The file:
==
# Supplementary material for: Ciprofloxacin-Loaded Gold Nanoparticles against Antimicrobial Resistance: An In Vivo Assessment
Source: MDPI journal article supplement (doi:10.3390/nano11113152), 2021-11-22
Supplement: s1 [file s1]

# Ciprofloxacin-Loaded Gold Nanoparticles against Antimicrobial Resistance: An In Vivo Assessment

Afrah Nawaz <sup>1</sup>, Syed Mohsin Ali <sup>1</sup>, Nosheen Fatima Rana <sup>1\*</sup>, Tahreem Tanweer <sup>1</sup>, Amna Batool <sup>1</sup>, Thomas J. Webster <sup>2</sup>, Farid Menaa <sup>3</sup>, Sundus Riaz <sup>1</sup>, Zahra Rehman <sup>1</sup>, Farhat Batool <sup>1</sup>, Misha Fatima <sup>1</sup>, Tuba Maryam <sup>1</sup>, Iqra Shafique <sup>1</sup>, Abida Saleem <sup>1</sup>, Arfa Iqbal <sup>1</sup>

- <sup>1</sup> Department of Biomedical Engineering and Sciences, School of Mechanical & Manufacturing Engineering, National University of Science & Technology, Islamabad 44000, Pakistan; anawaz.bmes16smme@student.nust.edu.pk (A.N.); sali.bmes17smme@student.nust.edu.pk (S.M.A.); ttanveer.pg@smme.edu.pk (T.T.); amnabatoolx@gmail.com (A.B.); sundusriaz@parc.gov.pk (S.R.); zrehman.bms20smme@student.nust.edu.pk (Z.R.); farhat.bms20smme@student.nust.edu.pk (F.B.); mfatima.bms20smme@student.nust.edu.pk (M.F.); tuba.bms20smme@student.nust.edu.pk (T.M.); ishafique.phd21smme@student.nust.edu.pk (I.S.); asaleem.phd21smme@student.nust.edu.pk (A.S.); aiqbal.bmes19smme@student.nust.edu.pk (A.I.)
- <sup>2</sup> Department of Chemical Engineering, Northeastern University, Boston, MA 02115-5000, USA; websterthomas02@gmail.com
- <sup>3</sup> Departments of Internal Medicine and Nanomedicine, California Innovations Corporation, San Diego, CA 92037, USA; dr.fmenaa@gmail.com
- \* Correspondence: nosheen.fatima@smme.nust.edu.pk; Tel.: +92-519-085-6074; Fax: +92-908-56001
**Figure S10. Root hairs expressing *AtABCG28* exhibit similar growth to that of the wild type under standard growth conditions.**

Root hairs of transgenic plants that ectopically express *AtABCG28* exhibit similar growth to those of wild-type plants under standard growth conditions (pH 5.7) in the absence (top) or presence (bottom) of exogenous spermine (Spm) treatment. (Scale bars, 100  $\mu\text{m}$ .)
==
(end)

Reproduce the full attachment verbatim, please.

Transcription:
# Supplementary material for: Ciprofloxacin-Loaded Gold Nanoparticles against Antimicrobial Resistance: An In Vivo Assessment
Source: MDPI journal article supplement (doi:10.3390/nano11113152), 2021-11-22
Supplement: s1 [file s1]

# Ciprofloxacin-Loaded Gold Nanoparticles against Antimicrobial Resistance: An In Vivo Assessment

Afrah Nawaz <sup>1</sup>, Syed Mohsin Ali <sup>1</sup>, Nosheen Fatima Rana <sup>1\*</sup>, Tahreem Tanweer <sup>1</sup>, Amna Batool <sup>1</sup>, Thomas J. Webster <sup>2</sup>, Farid Menaa <sup>3</sup>, Sundus Riaz <sup>1</sup>, Zahra Rehman <sup>1</sup>, Farhat Batool <sup>1</sup>, Misha Fatima <sup>1</sup>, Tuba Maryam <sup>1</sup>, Iqra Shafique <sup>1</sup>, Abida Saleem <sup>1</sup>, Arfa Iqbal <sup>1</sup>

- <sup>1</sup> Department of Biomedical Engineering and Sciences, School of Mechanical & Manufacturing Engineering, National University of Science & Technology, Islamabad 44000, Pakistan; anawaz.bmes16smme@student.nust.edu.pk (A.N.); sali.bmes17smme@student.nust.edu.pk (S.M.A.); ttanveer.pg@smme.edu.pk (T.T.); amnabatoolx@gmail.com (A.B.); sundusriaz@parc.gov.pk (S.R.); zrehman.bms20smme@student.nust.edu.pk (Z.R.); farhat.bms20smme@student.nust.edu.pk (F.B.); mfatima.bms20smme@student.nust.edu.pk (M.F.); tuba.bms20smme@student.nust.edu.pk (T.M.); ishafique.phd21smme@student.nust.edu.pk (I.S.); asaleem.phd21smme@student.nust.edu.pk (A.S.); aiqbal.bmes19smme@student.nust.edu.pk (A.I.)
- <sup>2</sup> Department of Chemical Engineering, Northeastern University, Boston, MA 02115-5000, USA; websterthomas02@gmail.com
- <sup>3</sup> Departments of Internal Medicine and Nanomedicine, California Innovations Corporation, San Diego, CA 92037, USA; dr.fmenaa@gmail.com
- \* Correspondence: nosheen.fatima@smme.nust.edu.pk; Tel.: +92-519-085-6074; Fax: +92-908-56001
**Figure S10. Root hairs expressing *AtABCG28* exhibit similar growth to that of the wild type under standard growth conditions.**

Root hairs of transgenic plants that ectopically express *AtABCG28* exhibit similar growth to those of wild-type plants under standard growth conditions (pH 5.7) in the absence (top) or presence (bottom) of exogenous spermine (Spm) treatment. (Scale bars, 100  $\mu\text{m}$ .)